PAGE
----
UK Biobank study “will shape drug discovery”
A landmark study drawing on data from UK Biobank has generated a first-of-its-kind dataset of the interactions between genes and proteins that could unlock myriad avenues for research into new medicines.
The Pharma Proteomics Project is a “pre-competitive” public-private partnership set up in 2020 to characterise the proteomic profiles of more than 54,000 UK individuals and is billed as the first population-scale study of its kind.
The outcome of the study has been published in the journal Nature and provides new insights into human disease by studying how changes in genes affect nearly 3,000 plasma proteins found in human blood.
It has revealed more than 14,000 associations between genes and proteins, of which 81% have never been described before, according to the researchers behind the project. Scientists worldwide will be able to access the proteomic data in the coming weeks, according to UK Biobank.
AstraZeneca, one of the 13 biopharma companies that contributed to the research and published a separate study on rare genetic variants, said the project “will shape current and future drug discovery” as – compared to common genetic variants – “rare variants offer stronger evidence and unique insights into the direct relationships between genes, proteins, and their roles in disease.”
“To successfully treat a disease, we benefit from understanding the underlying molecular cause,” said Slavé Petrovski, vice president of AZ’s Centre for Genomics Research, Discovery Sciences. “This research breaks new ground. showcasing connections between genetic variants and proteins that we have never seen before.”
A key objective in the Pharma Proteomics Project is the creation of an open-access library of all those variants that can be used to study complex biological processes, including the molecular causes of diseases and identify the proteins that could be targets for medicines.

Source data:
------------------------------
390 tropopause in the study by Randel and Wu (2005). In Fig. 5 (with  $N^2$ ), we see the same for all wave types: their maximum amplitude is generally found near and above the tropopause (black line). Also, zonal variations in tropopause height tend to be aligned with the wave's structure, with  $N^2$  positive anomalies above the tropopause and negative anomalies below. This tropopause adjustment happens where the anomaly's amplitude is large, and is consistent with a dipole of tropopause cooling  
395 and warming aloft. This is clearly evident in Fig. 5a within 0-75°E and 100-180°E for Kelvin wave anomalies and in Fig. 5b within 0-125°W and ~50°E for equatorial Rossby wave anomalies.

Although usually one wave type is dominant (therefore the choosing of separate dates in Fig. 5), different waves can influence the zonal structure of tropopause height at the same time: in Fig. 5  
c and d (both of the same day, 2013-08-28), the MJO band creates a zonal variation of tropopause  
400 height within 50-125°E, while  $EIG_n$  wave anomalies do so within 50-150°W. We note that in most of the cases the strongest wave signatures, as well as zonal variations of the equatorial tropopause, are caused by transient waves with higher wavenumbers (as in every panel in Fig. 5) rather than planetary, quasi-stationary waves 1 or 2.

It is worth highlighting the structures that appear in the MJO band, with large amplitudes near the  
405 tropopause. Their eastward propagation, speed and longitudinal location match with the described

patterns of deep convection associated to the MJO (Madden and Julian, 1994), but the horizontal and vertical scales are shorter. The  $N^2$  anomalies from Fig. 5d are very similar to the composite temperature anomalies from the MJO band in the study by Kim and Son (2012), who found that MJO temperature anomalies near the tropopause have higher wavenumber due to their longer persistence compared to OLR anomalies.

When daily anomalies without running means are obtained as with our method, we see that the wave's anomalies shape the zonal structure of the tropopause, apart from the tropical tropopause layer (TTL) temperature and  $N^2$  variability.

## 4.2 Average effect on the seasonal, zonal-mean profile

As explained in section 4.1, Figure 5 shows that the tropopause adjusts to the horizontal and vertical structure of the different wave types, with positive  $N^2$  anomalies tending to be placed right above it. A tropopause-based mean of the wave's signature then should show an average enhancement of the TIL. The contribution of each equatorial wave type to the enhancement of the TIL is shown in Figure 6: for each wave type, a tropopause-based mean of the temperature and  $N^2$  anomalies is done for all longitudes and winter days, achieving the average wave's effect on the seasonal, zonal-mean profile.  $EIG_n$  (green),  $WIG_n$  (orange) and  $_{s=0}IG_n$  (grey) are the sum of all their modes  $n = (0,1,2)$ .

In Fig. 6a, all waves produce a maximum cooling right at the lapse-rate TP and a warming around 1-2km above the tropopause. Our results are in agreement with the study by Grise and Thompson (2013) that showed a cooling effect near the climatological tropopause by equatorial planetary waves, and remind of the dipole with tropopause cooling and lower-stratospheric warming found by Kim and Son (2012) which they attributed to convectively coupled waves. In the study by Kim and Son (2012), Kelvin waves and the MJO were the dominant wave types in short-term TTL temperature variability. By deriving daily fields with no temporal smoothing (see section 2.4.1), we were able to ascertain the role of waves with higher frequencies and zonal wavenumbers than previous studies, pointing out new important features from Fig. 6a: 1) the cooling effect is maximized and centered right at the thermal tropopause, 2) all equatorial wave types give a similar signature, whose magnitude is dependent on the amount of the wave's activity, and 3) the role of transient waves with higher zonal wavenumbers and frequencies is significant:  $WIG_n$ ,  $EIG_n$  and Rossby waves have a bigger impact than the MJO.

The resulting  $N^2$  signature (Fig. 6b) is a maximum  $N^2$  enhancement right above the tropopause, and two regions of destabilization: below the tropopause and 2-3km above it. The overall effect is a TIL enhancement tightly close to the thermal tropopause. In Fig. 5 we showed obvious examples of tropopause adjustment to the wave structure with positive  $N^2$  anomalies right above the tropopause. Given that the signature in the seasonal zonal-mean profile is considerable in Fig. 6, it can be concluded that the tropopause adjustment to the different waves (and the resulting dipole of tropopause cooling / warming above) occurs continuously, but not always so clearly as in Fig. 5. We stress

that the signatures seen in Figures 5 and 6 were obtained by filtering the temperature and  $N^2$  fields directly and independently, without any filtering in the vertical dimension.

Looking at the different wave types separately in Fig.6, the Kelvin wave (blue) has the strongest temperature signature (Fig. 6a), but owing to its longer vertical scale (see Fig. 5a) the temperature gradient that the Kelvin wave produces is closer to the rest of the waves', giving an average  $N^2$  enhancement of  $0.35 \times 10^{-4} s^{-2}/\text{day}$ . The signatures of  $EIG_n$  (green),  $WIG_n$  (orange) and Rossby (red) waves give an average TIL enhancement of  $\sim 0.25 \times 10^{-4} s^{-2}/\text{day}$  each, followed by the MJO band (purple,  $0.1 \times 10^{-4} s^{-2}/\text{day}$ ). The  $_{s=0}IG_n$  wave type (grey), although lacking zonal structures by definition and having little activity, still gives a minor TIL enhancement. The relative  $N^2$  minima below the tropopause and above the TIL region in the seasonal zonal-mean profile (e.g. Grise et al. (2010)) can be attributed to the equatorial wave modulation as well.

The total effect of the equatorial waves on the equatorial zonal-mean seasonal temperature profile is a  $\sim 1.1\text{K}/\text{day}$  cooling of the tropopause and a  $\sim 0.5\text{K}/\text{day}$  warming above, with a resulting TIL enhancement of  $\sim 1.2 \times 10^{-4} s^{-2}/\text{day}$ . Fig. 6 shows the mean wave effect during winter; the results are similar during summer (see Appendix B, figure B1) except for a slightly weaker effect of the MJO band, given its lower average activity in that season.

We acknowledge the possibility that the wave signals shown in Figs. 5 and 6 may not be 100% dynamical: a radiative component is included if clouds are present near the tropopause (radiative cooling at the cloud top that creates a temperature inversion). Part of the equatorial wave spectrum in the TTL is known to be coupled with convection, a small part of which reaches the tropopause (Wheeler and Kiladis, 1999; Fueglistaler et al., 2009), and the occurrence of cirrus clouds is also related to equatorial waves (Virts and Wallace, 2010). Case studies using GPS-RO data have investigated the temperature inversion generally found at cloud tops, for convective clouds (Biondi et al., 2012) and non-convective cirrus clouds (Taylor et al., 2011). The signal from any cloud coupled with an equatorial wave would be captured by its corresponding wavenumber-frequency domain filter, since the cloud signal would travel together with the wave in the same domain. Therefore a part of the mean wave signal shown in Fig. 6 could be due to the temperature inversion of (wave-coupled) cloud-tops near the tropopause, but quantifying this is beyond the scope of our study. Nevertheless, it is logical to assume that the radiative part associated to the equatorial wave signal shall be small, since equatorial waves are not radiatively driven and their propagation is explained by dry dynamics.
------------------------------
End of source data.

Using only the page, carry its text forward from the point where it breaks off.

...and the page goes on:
The project also zeroed in on the top 20 most common health conditions, revealing, for example, that inflammatory proteins, long thought to contribute towards mental health conditions, are significantly higher in patients with depression.
Another near-term application of the study is finding a way to identify a patient’s biological - rather than chronological - age, drawing on findings that plasma proteins can predict age, sex, and body mass index (BMI) with very high accuracy.
“This momentous study offers whole new avenues of research to the biomedical community and is a leading example of how cross-sector collaboration can bring about results that are so much greater than the sum of their parts,” said Professor Naomi Allen, chief scientist at UK Biobank.
“All of [this] data will soon be available to bona fide researchers across the globe, alongside the existing genomic, lifestyle, and health data that UK Biobank holds for its 500,000 volunteers,” she added.
Dr Chris Whelan, head of neuroscience, data science, and digital health at Johnson & Johnson’s Janssen unit, who led the project, said it builds on previous genomics work by painting “a much more nuanced and detailed picture of how the human genome and proteins circulating in the blood influence human health and disease.”
He added: “To identify the right drug for the right patient at the right time, we must move beyond genomics alone.”